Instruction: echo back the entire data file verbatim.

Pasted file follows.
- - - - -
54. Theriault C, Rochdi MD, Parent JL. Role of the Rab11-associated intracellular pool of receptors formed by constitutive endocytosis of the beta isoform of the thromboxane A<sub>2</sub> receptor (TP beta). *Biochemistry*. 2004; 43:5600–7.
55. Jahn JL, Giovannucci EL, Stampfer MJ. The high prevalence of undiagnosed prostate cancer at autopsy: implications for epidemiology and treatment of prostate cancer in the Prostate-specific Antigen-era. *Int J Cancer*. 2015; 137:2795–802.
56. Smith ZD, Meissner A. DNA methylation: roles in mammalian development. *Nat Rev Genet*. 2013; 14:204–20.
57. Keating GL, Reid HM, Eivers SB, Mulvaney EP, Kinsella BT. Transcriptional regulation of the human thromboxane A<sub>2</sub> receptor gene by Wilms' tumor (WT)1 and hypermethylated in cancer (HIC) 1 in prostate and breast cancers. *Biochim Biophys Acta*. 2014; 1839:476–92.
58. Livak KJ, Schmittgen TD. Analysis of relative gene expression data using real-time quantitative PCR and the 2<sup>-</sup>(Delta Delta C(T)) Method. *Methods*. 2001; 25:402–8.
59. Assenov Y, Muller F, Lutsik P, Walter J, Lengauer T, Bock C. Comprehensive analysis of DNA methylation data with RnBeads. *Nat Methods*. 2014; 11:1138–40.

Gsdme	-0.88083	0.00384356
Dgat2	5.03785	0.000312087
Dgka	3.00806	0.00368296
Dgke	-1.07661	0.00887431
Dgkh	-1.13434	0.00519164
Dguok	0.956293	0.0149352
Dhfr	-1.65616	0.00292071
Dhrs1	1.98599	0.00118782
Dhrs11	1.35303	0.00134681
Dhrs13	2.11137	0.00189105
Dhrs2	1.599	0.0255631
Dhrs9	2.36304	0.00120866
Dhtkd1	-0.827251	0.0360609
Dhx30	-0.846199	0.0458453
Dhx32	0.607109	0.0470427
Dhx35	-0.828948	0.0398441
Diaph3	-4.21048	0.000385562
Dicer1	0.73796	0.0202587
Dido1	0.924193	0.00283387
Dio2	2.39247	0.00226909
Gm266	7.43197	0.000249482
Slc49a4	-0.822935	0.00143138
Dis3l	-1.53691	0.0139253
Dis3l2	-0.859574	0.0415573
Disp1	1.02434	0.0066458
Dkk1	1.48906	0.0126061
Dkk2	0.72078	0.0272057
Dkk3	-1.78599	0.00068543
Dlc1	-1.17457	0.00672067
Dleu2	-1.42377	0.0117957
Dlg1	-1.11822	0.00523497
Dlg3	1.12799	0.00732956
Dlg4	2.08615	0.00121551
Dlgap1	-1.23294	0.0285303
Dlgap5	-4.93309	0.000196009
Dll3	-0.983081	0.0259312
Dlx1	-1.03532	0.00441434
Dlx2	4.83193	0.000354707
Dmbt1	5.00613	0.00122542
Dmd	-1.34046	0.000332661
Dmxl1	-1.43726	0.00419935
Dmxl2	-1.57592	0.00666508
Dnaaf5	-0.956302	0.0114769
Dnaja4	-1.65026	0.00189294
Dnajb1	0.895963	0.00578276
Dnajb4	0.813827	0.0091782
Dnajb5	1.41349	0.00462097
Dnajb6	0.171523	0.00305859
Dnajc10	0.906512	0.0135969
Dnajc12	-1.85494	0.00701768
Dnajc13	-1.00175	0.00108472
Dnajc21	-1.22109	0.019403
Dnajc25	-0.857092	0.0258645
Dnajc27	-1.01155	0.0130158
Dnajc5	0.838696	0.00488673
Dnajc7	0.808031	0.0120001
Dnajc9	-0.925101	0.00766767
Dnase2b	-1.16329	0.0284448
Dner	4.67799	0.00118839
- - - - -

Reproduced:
54. Theriault C, Rochdi MD, Parent JL. Role of the Rab11-associated intracellular pool of receptors formed by constitutive endocytosis of the beta isoform of the thromboxane A<sub>2</sub> receptor (TP beta). *Biochemistry*. 2004; 43:5600–7.
55. Jahn JL, Giovannucci EL, Stampfer MJ. The high prevalence of undiagnosed prostate cancer at autopsy: implications for epidemiology and treatment of prostate cancer in the Prostate-specific Antigen-era. *Int J Cancer*. 2015; 137:2795–802.
56. Smith ZD, Meissner A. DNA methylation: roles in mammalian development. *Nat Rev Genet*. 2013; 14:204–20.
57. Keating GL, Reid HM, Eivers SB, Mulvaney EP, Kinsella BT. Transcriptional regulation of the human thromboxane A<sub>2</sub> receptor gene by Wilms' tumor (WT)1 and hypermethylated in cancer (HIC) 1 in prostate and breast cancers. *Biochim Biophys Acta*. 2014; 1839:476–92.
58. Livak KJ, Schmittgen TD. Analysis of relative gene expression data using real-time quantitative PCR and the 2<sup>-</sup>(Delta Delta C(T)) Method. *Methods*. 2001; 25:402–8.
59. Assenov Y, Muller F, Lutsik P, Walter J, Lengauer T, Bock C. Comprehensive analysis of DNA methylation data with RnBeads. *Nat Methods*. 2014; 11:1138–40.

Gsdme	-0.88083	0.00384356
Dgat2	5.03785	0.000312087
Dgka	3.00806	0.00368296
Dgke	-1.07661	0.00887431
Dgkh	-1.13434	0.00519164
Dguok	0.956293	0.0149352
Dhfr	-1.65616	0.00292071
Dhrs1	1.98599	0.00118782
Dhrs11	1.35303	0.00134681
Dhrs13	2.11137	0.00189105
Dhrs2	1.599	0.0255631
Dhrs9	2.36304	0.00120866
Dhtkd1	-0.827251	0.0360609
Dhx30	-0.846199	0.0458453
Dhx32	0.607109	0.0470427
Dhx35	-0.828948	0.0398441
Diaph3	-4.21048	0.000385562
Dicer1	0.73796	0.0202587
Dido1	0.924193	0.00283387
Dio2	2.39247	0.00226909
Gm266	7.43197	0.000249482
Slc49a4	-0.822935	0.00143138
Dis3l	-1.53691	0.0139253
Dis3l2	-0.859574	0.0415573
Disp1	1.02434	0.0066458
Dkk1	1.48906	0.0126061
Dkk2	0.72078	0.0272057
Dkk3	-1.78599	0.00068543
Dlc1	-1.17457	0.00672067
Dleu2	-1.42377	0.0117957
Dlg1	-1.11822	0.00523497
Dlg3	1.12799	0.00732956
Dlg4	2.08615	0.00121551
Dlgap1	-1.23294	0.0285303
Dlgap5	-4.93309	0.000196009
Dll3	-0.983081	0.0259312
Dlx1	-1.03532	0.00441434
Dlx2	4.83193	0.000354707
Dmbt1	5.00613	0.00122542
Dmd	-1.34046	0.000332661
Dmxl1	-1.43726	0.00419935
Dmxl2	-1.57592	0.00666508
Dnaaf5	-0.956302	0.0114769
Dnaja4	-1.65026	0.00189294
Dnajb1	0.895963	0.00578276
Dnajb4	0.813827	0.0091782
Dnajb5	1.41349	0.00462097
Dnajb6	0.171523	0.00305859
Dnajc10	0.906512	0.0135969
Dnajc12	-1.85494	0.00701768
Dnajc13	-1.00175	0.00108472
Dnajc21	-1.22109	0.019403
Dnajc25	-0.857092	0.0258645
Dnajc27	-1.01155	0.0130158
Dnajc5	0.838696	0.00488673
Dnajc7	0.808031	0.0120001
Dnajc9	-0.925101	0.00766767
Dnase2b	-1.16329	0.0284448
Dner	4.67799	0.00118839